This morning in Hot Springs, Arkansas House Majority Leader Bruce Westerman announced he will seek the Republican nomination for the 4th Congressional District.
Westerman spoke to supporters at the Garland County Republican Headquarters before addressing the press. He began his remarks by saying, “We are called to be free,” adding that “it’s our duty to use our freedom to serve others.” Westerman said that while liberals in Arkansas and Washington talk about “progress,” the only progression he sees is one “away from our freedoms.”
After his remarks, Westerman spoke with reporters about his campaign and his policy priorities, should he land a spot in Congress. The first question was about the role of the ‘private option’ in this primary:
I’m not sure how big of a role that will play. I know there’s a statewide effort to get it on the ballot to repeal it. I’ve had absolutely nobody come up to me and tell me they wished I would’ve voted for the private option. Now that I’ve said that to the media, I’ll probably get some people telling me that, but I’m comfortable with where I’m at on the private option. If somebody wants to make that an issue, we can make it an issue and I’ll gladly defend my record on the private option.
This question may have been prompted by the comments Lt. Gov. Mark Darr made to the Associated Press last night. Darr, who also announced for the 4th District race this week, told the AP that the ‘private option’ wouldn’t have become law without Westerman, adding:
I just think that one he did the research for it, he helped write the bill and at the last hour he pulled out and said I’ve got something else. To me, that’s a CYA bill. It just covers your own rear and says this is my own.
(If you’re unfamiliar with the meaning of “CYA,” visit Urban Dictionary.)
Westerman was an early sponsor of the bill that ultimately became the ‘private option,’ but he told me on The Alice Stewart Show this morning that he “never supported” the plan (AUDIO HERE). Once the plan was written into the bill, Westerman removed himself as a sponsor, voted against the bill, and even spoke against it on the House floor, giving his now-famous ‘30 pieces of silver’ speech.
Westerman campaign spokesman Ryan James responded to Darr’s comments last night:
I’m sure there were many in the Capitol that would have enjoyed hearing the Lt. Governor’s ideas on the private option while they were timely and relevant. Leadership is recognizing a bad deal for Arkansans, doing what one’s constituents demand, and not waiting over 100 days to weigh in on a controversial issue — all things Bruce Westerman did as House Majority Leader.
Today, Westerman was asked to respond himself to Darr’s comments on the ‘private option:’
I didn’t pay that much attention to [the comments]. Somebody asked me earlier about some comment about ‘CYA’ on the alternative legislation I proposed to the private option and actually I would call my bill ‘CTP:’ Cover Taxpayers’ Pocketbooks” because that’s what I was looking at with that other bill. It would provide real reform to the Medicaid system…could’ve got a global waiver and a bloc grant, and we had provisions in there to help people transition off of government assistance. You know, Medicaid was developed for the aged, the blind, the disabled, and it’s become a whole lot more than that.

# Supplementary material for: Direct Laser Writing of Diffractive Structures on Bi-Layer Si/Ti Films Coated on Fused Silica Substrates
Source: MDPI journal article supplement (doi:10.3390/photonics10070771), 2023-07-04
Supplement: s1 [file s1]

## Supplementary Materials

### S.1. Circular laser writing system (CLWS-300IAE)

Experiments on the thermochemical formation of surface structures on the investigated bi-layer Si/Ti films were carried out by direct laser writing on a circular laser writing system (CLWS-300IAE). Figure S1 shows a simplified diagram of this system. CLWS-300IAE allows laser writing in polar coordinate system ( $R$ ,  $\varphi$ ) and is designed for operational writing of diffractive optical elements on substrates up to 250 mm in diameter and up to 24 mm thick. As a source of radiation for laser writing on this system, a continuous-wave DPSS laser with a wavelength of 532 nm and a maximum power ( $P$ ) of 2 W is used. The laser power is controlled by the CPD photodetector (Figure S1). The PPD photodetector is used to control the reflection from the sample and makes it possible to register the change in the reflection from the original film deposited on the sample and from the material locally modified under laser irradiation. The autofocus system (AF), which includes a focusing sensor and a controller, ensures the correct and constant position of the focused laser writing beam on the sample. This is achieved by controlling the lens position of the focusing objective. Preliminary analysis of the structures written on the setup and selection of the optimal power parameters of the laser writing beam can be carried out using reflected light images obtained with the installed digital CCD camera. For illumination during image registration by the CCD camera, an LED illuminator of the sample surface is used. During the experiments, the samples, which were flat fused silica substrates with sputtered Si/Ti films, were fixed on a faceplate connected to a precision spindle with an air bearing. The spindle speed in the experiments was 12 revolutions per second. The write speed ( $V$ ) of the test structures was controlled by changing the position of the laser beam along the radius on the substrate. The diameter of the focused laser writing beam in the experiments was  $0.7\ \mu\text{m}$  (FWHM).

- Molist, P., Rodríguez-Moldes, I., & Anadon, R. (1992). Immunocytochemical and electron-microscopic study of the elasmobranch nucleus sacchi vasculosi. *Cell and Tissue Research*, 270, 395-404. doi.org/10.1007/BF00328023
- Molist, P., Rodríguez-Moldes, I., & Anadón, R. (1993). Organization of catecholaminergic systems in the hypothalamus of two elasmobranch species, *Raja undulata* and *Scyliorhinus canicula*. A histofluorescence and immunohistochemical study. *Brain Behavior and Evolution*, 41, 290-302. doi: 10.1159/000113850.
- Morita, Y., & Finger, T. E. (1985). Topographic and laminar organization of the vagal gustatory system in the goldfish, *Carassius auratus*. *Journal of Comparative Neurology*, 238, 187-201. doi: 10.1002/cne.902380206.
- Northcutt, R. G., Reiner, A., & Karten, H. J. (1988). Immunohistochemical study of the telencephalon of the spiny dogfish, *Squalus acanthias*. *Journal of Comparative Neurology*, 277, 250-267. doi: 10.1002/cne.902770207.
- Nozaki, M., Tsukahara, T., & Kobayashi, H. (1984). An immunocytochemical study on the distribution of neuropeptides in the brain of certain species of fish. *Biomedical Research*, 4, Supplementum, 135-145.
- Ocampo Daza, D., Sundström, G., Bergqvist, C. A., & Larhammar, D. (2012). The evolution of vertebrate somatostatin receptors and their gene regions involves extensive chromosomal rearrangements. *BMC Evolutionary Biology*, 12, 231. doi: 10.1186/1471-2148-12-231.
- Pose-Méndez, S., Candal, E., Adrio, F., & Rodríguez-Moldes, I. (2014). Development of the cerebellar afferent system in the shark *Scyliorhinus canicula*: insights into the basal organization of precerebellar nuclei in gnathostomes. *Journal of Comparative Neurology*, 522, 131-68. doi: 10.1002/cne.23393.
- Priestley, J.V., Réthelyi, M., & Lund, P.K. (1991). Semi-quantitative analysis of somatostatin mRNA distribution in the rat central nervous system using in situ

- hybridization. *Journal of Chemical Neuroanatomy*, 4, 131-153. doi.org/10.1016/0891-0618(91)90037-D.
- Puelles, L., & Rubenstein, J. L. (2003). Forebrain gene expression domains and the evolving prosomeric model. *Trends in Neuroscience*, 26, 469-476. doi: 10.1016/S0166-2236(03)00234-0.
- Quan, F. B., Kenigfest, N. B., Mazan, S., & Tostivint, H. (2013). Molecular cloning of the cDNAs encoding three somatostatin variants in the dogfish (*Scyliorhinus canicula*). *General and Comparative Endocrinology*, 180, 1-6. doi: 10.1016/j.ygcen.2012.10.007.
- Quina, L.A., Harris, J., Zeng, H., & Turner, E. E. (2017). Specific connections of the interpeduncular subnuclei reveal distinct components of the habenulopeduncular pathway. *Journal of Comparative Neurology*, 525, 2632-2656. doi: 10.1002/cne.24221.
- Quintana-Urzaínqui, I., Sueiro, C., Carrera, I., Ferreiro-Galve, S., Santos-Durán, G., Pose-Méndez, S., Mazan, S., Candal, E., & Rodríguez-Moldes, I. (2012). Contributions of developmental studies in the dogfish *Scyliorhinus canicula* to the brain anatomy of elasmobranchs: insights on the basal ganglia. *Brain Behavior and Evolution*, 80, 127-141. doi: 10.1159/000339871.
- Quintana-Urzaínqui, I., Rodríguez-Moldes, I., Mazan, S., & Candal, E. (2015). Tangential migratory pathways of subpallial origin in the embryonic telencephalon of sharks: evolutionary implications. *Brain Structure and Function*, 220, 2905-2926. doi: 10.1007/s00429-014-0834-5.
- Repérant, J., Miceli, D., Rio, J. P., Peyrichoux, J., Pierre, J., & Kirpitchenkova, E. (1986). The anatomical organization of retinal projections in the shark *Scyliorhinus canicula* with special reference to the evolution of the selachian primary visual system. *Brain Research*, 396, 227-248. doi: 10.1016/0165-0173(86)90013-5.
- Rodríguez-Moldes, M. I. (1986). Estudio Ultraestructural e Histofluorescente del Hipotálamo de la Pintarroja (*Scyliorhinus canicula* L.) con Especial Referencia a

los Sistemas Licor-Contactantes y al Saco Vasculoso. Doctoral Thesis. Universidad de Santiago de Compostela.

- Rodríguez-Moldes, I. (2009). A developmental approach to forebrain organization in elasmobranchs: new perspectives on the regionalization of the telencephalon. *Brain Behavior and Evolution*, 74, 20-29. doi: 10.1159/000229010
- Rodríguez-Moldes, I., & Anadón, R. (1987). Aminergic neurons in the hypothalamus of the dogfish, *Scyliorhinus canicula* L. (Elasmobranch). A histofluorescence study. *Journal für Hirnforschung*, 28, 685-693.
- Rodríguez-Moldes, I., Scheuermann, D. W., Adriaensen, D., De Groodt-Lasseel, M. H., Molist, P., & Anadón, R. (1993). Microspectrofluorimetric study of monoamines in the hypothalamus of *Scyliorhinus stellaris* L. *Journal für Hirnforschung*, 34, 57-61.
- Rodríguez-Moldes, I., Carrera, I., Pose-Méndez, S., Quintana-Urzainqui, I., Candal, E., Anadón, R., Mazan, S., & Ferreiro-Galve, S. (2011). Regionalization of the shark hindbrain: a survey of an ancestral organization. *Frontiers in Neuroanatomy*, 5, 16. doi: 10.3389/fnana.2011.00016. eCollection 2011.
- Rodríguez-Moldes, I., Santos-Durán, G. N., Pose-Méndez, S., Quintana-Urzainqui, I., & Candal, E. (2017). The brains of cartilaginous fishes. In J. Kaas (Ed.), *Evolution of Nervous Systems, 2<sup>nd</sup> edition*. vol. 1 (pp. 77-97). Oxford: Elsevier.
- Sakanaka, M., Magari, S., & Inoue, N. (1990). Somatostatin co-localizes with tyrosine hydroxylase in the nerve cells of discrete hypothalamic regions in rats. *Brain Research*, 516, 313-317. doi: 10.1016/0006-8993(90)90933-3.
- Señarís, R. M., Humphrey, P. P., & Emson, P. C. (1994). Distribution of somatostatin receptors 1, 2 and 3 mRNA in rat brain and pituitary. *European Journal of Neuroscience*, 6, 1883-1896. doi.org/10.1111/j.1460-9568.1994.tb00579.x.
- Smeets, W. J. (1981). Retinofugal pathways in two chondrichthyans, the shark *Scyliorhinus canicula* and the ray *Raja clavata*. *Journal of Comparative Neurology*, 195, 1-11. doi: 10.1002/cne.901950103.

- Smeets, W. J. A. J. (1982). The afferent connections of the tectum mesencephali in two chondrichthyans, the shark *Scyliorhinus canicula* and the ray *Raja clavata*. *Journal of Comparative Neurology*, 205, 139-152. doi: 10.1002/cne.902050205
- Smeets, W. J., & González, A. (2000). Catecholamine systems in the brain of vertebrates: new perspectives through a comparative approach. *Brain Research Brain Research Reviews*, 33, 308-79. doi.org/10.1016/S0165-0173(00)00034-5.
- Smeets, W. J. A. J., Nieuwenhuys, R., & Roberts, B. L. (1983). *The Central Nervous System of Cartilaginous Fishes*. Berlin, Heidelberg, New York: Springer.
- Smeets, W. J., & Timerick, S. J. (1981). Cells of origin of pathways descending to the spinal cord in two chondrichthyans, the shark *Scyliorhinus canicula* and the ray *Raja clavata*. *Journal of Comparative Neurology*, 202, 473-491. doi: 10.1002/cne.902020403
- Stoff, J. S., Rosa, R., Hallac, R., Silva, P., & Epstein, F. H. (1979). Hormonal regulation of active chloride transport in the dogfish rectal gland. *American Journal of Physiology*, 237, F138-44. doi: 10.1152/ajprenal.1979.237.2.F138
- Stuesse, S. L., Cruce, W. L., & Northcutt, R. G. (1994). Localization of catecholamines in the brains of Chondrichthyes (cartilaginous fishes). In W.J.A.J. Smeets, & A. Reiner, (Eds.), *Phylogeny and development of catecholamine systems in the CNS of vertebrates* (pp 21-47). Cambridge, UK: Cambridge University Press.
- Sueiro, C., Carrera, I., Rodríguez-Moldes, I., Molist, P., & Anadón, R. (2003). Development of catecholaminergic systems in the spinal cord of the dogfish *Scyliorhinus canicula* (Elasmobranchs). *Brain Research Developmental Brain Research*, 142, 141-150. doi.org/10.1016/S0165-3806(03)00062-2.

Finally, I asked Rep. Westerman to outline his top three domestic policy priorities:
First off, we’ve got to repeal Obamacare. That is a bad law, it’s been called by Democrats a ‘train wreck.’ It is a train wreck. We find out something new every day that’s not working in it. So that’s going to be a top priority, to stand the ground and oppose that. Some other important issues are the regulations and the edicts that come down out of Washington that affects the states and prohibits the states’ abilities to function and do the things that are best in their state. I believe that a government closest to the people is the most effective government and I want to try to untie the binds that the federal government has on our state legislature, our state government, and also our local — school boards, quorum courts, city boards. It’s all affected by what goes on in Washington. Immigration is going to be another big issue.
Westerman added that he does not support any of the existing immigration reform proposals in their current form. He said he needs more time to do more research on how we can solve our immigration problems, but he definitively stated, “I’m not for an amnesty plan. I’m for a plan that allows immigrants to come here legally and work here and come in by the rules. But amnesty gives somebody a place at the front of the line that ignored the rules to start with.”
It seems likely that this will not be the last disagreement over policy before the primary. As always, stay tuned to TheArkansasProject.com for all the latest.